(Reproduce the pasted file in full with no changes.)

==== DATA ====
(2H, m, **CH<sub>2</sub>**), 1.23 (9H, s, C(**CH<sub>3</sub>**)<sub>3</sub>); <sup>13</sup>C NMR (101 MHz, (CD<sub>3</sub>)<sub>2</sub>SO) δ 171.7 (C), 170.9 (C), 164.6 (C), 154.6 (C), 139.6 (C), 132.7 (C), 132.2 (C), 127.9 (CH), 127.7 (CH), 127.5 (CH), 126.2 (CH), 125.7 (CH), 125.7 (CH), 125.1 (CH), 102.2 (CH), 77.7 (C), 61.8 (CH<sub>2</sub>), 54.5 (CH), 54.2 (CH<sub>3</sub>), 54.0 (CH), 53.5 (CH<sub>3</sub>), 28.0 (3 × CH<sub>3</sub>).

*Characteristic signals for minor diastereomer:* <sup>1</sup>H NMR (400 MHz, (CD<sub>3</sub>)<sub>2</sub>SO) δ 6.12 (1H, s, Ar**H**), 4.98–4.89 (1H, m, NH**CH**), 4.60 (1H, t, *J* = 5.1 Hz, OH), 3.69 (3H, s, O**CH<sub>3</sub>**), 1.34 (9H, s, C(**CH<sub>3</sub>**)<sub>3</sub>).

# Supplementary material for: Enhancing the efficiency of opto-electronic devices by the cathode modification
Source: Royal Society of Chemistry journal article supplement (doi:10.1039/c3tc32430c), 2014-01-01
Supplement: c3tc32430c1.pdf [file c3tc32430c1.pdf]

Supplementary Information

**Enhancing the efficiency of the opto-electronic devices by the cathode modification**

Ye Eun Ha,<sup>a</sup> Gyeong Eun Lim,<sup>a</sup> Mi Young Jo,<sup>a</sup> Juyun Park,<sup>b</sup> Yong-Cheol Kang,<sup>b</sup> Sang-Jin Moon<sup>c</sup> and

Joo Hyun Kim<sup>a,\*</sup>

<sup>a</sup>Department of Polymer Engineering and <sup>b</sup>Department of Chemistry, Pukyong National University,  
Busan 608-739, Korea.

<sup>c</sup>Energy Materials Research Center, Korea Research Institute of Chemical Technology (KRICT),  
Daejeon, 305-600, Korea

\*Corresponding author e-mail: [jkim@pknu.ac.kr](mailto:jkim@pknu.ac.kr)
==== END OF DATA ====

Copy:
(2H, m, **CH<sub>2</sub>**), 1.23 (9H, s, C(**CH<sub>3</sub>**)<sub>3</sub>); <sup>13</sup>C NMR (101 MHz, (CD<sub>3</sub>)<sub>2</sub>SO) δ 171.7 (C), 170.9 (C), 164.6 (C), 154.6 (C), 139.6 (C), 132.7 (C), 132.2 (C), 127.9 (CH), 127.7 (CH), 127.5 (CH), 126.2 (CH), 125.7 (CH), 125.7 (CH), 125.1 (CH), 102.2 (CH), 77.7 (C), 61.8 (CH<sub>2</sub>), 54.5 (CH), 54.2 (CH<sub>3</sub>), 54.0 (CH), 53.5 (CH<sub>3</sub>), 28.0 (3 × CH<sub>3</sub>).

*Characteristic signals for minor diastereomer:* <sup>1</sup>H NMR (400 MHz, (CD<sub>3</sub>)<sub>2</sub>SO) δ 6.12 (1H, s, Ar**H**), 4.98–4.89 (1H, m, NH**CH**), 4.60 (1H, t, *J* = 5.1 Hz, OH), 3.69 (3H, s, O**CH<sub>3</sub>**), 1.34 (9H, s, C(**CH<sub>3</sub>**)<sub>3</sub>).

# Supplementary material for: Enhancing the efficiency of opto-electronic devices by the cathode modification
Source: Royal Society of Chemistry journal article supplement (doi:10.1039/c3tc32430c), 2014-01-01
Supplement: c3tc32430c1.pdf [file c3tc32430c1.pdf]

Supplementary Information

**Enhancing the efficiency of the opto-electronic devices by the cathode modification**

Ye Eun Ha,<sup>a</sup> Gyeong Eun Lim,<sup>a</sup> Mi Young Jo,<sup>a</sup> Juyun Park,<sup>b</sup> Yong-Cheol Kang,<sup>b</sup> Sang-Jin Moon<sup>c</sup> and

Joo Hyun Kim<sup>a,\*</sup>

<sup>a</sup>Department of Polymer Engineering and <sup>b</sup>Department of Chemistry, Pukyong National University,  
Busan 608-739, Korea.

<sup>c</sup>Energy Materials Research Center, Korea Research Institute of Chemical Technology (KRICT),  
Daejeon, 305-600, Korea

\*Corresponding author e-mail: [jkim@pknu.ac.kr](mailto:jkim@pknu.ac.kr)